Sony's most anticipated high-definition product remains the PlayStation 3, which is still expected to be released this spring, at least in Japan. But the company said Wednesday that it will also release, in the summer, an as-yet-unpriced Blu-ray player called the BDP-S1, and, by the end of the year, an external computer drive that will play and record the high-definition discs.
Blu-ray hardware from Sony and others will hit the market at roughly the same time that a rival, and incompatible, high-definition technology from Toshiba called HD DVD will be available to consumers. Toshiba said Wednesday that its first HD DVD players will begin shipping to consumers in March 2006.
Though Sony's Blu-ray technology has gained considerable momentum in recent months, analysts say the uncertainty over which format will ultimately prevail is likely tofor high-definition technology.
"To the degree this is perceived by consumers as a format war, everyone's going to vote by leaving their wallet in their pocket," said Gartner analyst Van Baker. "If any of these guys are expecting to go mainstream, they're going to have to come to agreement, or else someone has to win."
For now, consumers will have a limited number of actual movies to play on these new devices. Studios have said they will release a few dozen high-definition titles for both formats over the course of 2006, with new features such as Java-based games on the discs being introduced slowly.
"All of these (Sony) devices, along with recordable media, PlayStation 3, and the highest quality pre-recorded content from Sony Pictures, Sony BMG and other content creators will surely get the BD format off to a terrific start later this year," Randy Waynick, senior vice president of Sony's Home Products Division, said in a statement.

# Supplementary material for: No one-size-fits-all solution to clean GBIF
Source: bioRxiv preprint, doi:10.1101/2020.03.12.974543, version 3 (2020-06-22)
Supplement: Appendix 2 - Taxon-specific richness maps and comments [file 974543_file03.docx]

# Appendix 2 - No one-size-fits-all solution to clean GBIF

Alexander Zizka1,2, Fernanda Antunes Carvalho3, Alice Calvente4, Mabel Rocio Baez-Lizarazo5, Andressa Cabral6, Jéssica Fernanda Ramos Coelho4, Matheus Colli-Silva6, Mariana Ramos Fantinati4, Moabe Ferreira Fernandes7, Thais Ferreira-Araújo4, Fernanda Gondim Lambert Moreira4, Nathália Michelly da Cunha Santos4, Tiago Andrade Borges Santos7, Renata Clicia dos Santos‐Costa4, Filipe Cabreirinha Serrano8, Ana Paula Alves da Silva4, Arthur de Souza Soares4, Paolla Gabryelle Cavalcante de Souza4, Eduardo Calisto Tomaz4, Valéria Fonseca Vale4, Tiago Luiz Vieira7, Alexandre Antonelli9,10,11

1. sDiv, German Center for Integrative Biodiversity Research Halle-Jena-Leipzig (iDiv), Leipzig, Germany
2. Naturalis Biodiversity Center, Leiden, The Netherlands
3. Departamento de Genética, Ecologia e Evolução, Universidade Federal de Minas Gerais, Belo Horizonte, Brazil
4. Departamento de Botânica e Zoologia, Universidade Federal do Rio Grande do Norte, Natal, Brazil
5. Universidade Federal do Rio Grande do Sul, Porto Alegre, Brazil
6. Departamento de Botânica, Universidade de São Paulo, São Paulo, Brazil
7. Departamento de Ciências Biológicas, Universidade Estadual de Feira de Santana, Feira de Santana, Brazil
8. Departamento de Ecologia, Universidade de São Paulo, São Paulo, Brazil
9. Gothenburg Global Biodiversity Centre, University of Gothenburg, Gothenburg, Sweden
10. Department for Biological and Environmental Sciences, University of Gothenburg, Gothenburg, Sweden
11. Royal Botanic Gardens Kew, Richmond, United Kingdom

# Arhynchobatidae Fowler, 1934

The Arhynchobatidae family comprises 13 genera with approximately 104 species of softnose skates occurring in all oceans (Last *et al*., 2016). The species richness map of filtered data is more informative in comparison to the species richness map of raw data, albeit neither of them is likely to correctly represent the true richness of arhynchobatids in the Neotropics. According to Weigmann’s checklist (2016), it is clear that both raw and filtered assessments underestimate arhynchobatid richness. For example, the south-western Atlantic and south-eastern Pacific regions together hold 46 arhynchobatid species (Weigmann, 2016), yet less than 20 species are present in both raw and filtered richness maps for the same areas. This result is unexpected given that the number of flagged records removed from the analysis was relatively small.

Sony's announcement comes as part of a broad product roadmap unveiled Wednesday evening at the gadget and electronics show, at which executives showed off new products ranging from a prototype 82-inch LCD television to car stereo faceplates that can connect to computers to download and store music for playback on the road.
Video: Sony's strategy
At CES, Dan Brown, author of "The Da Vinci Code," joins Sony CEO Sir Howard Stringer to discuss e-books.
Executives said they were aiming to revamp the company's Connect music download service, which , but has had little impact on the market. The new version of the service, which will go live in March, will offer video and movie downloads for the Portable PlayStation device, as well as an expanded catalog of music.
The PSP will also get the ability to play live television, using software that allows a viewer to connect to a home television using Wi-Fi to stream the programming over the Internet.
The company is also focusing heavily on portable electronic devices of various other kinds.
Sony's first camcorder with an iPod-like hard drive, offering 30GB of space for local storage of video, will be available in May and retail for about $1,100, the company said. JVC has had a out for several months.
A portable eBook reader, previously available in the United States, may raise text-lovers' eyebrows. Measuring just a half-inch wide, and using an electronic-paper technology called "," the device will hold about 80 books at a time. Sony will sell eBooks through its Connect download service, which has previously focused on music sales.
The Portable Reader System will be available in spring 2006 but does not yet have a price tag. A similar device has been.
A new Walkman-branded phone from Sony Ericsson, available in the spring, will play MP3 and AAC music files and include a 2 megapixel camera.
Sony's line of digital cameras will also get an update. A new $500, 5.3 megapixel Cybershot will take TV-quality video as well as provide a slide-show display capability similar to that found on a PC, the company said. A 6 megapixel entry is also on the way, priced at $200.
Much of the industry's attention will be focused on Sony's new TV lineup. The company once dominated the television market but has lost ground over the past few years as competitors have taken market share and offered low-cost flat-panel screens.
Sony's latest Bravia line of high-definition televisions will start at $4,500, with a 46-inch LCD HDTV available in May. A 40-inch will be available for $3,000, with a 32-inch version for about $2,000.
As with every year, the company will also release a long list of new home and auto audio products, DVD players, headphones and computer peripherals.
CNET News.com staff writer Daniel Terdiman contributed to this report from Las Vegas.